But I did that in my 30s; a brief two-wheeled relationship that fought me in every terrifying corner and barked so loudly from its straight-through pipes that I felt I should apologise at every red light. The bike screamed ‘look over here!’ and I felt self-conscious. It wasn’t for me, although with over a quarter of a million Harleys sold every year, it clearly is for a lot of people. Noise and steering aside, I understand their popularity; I too appreciate the call of feral engineering and the desire to straddle a raw, unforgiving motorcycle.
So what to buy now middle age calls?
After the Harley I had an Aprilia 1000. It entirely out-performed me, rewarding my tentative attempts at riding it fast with an experience much like an aircraft breaking up on take-off. Cheating death for a whole 12 months, I traded it for the newly launched, wonderfully solid and boringly reliable BMW R1150GS. It looked purposeful, even maybe beautiful in a Mad Max sort of way and with all that Boxer Twin weight down low, it reacted predictably to being thrown around country lanes. Press reviews were unanimous - it won accolades and awards - and in lots of way it set the tone for the many road-biased touring enduro models that followed. Seventeen years on, I still have the BMW. It was the bike that changed the way I rode; racking up over 100,000 miles, it took me to Europe, the States, Alaska, Canada and New Zealand. It’s a bit of a dog now; the cylinder heads are flaky, the spokes are rusty and the grips are bare. And all the bits that could have fallen off, did so some time ago.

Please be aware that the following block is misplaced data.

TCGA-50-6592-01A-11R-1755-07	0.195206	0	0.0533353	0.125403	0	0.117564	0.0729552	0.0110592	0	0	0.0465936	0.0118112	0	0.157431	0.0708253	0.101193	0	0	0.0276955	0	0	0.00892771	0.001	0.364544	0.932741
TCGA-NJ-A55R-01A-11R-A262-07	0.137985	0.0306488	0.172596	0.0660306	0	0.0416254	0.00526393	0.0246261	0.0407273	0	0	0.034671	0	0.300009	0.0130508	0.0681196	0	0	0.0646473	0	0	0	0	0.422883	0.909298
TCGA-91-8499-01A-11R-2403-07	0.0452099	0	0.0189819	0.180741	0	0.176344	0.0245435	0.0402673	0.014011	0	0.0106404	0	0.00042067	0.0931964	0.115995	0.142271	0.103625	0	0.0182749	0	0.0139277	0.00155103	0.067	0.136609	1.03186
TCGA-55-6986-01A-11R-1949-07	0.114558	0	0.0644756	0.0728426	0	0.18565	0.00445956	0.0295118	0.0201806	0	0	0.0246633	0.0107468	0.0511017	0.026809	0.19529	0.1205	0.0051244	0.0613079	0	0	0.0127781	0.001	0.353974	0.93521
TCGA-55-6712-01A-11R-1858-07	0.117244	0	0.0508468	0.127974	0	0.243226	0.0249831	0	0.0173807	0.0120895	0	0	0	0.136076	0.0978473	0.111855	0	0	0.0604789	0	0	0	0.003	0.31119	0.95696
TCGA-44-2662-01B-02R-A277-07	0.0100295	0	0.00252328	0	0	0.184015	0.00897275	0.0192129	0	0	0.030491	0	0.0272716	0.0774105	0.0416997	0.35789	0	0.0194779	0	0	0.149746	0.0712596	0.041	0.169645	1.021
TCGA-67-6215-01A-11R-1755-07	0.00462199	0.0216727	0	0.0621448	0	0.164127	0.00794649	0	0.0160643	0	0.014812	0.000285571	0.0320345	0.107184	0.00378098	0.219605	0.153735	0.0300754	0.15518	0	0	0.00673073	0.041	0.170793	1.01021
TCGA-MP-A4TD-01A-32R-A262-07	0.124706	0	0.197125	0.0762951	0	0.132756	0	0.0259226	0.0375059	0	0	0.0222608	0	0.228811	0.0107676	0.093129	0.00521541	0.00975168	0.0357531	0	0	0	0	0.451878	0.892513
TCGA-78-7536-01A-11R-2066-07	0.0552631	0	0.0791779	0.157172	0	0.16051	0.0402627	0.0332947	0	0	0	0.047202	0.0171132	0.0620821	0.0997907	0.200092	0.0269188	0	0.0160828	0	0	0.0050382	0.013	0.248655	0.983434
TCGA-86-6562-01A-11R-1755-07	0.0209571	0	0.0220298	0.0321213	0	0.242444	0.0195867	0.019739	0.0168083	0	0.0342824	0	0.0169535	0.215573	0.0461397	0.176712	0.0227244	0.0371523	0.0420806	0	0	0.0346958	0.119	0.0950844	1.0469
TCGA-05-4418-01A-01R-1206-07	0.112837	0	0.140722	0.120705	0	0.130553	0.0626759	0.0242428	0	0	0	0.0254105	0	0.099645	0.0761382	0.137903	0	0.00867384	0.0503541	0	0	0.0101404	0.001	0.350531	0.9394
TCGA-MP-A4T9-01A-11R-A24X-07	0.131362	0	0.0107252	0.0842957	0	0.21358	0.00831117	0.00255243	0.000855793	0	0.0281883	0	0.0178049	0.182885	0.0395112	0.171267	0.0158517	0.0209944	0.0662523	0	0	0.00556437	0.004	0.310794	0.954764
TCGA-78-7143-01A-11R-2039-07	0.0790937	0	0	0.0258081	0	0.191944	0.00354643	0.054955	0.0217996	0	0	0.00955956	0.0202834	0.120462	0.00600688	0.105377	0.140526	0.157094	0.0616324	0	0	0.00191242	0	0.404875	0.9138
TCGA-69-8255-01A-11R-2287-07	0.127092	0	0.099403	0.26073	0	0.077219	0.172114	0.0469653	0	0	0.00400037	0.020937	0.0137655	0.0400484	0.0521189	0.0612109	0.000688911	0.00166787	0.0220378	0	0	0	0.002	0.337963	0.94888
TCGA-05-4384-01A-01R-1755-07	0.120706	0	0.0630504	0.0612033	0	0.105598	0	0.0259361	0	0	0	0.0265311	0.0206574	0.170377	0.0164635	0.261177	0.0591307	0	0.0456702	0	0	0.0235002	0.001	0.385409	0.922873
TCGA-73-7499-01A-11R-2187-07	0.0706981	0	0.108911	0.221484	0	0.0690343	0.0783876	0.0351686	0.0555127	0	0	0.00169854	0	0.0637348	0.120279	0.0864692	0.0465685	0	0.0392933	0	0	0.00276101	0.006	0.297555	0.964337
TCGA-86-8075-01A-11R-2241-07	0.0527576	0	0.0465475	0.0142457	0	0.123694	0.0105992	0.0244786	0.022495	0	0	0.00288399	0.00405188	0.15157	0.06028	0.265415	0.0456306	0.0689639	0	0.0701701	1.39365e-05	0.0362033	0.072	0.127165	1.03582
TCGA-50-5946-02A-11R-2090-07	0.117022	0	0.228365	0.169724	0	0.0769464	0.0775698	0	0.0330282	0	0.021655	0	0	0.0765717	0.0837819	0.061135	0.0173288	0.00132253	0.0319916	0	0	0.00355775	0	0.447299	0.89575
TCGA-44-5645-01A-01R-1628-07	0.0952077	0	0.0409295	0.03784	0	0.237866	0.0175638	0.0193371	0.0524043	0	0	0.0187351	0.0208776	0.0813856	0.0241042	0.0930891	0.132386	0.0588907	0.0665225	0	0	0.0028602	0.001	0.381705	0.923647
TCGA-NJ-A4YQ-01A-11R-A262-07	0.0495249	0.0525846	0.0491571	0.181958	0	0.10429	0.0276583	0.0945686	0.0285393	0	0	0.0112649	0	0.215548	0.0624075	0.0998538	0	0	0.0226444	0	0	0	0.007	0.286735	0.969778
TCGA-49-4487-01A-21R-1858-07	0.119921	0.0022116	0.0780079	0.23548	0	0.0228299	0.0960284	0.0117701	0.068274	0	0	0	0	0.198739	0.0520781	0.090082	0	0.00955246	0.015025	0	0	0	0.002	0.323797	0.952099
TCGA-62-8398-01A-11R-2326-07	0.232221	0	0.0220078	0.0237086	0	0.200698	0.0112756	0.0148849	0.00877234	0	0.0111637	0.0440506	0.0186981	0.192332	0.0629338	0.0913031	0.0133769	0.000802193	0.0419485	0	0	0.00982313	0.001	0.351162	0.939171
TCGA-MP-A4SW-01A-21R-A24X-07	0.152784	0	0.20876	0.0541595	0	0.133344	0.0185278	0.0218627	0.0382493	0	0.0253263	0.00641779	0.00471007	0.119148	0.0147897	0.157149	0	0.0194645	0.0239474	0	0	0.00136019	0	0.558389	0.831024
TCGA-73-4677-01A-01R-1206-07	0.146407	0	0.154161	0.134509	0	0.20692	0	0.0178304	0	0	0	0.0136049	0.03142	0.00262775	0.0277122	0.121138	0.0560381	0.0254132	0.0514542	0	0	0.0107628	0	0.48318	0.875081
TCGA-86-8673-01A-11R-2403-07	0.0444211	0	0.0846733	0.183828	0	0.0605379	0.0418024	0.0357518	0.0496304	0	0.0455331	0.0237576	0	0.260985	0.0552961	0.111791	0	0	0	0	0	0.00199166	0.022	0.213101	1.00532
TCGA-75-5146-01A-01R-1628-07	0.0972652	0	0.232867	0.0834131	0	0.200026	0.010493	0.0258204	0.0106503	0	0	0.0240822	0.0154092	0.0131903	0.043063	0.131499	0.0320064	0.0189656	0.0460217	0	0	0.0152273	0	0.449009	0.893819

So with this capable lump already in the garage, you might think there’s no need to appease my 40-something angst with another motorcycle. But I am just ‘man’. And regardless of existing ownership, I can’t possibly retaliate effectively to the challenge of middle age without buying another one, something different. Something red.
From its early 20th-century roots in aeronautics, MV Agusta began developing motorcycles in response to a decline in the civil aviation industry and in 1945 launched their first model, the ‘98’. With the development of a 125cc engine, racing success followed with Carlo Ubbiali taking 1st in 1955, going on to claim the World Championship nine times in his career. Capitalising on competition success, further road models were offered throughout the 50s and investment into racing development grew.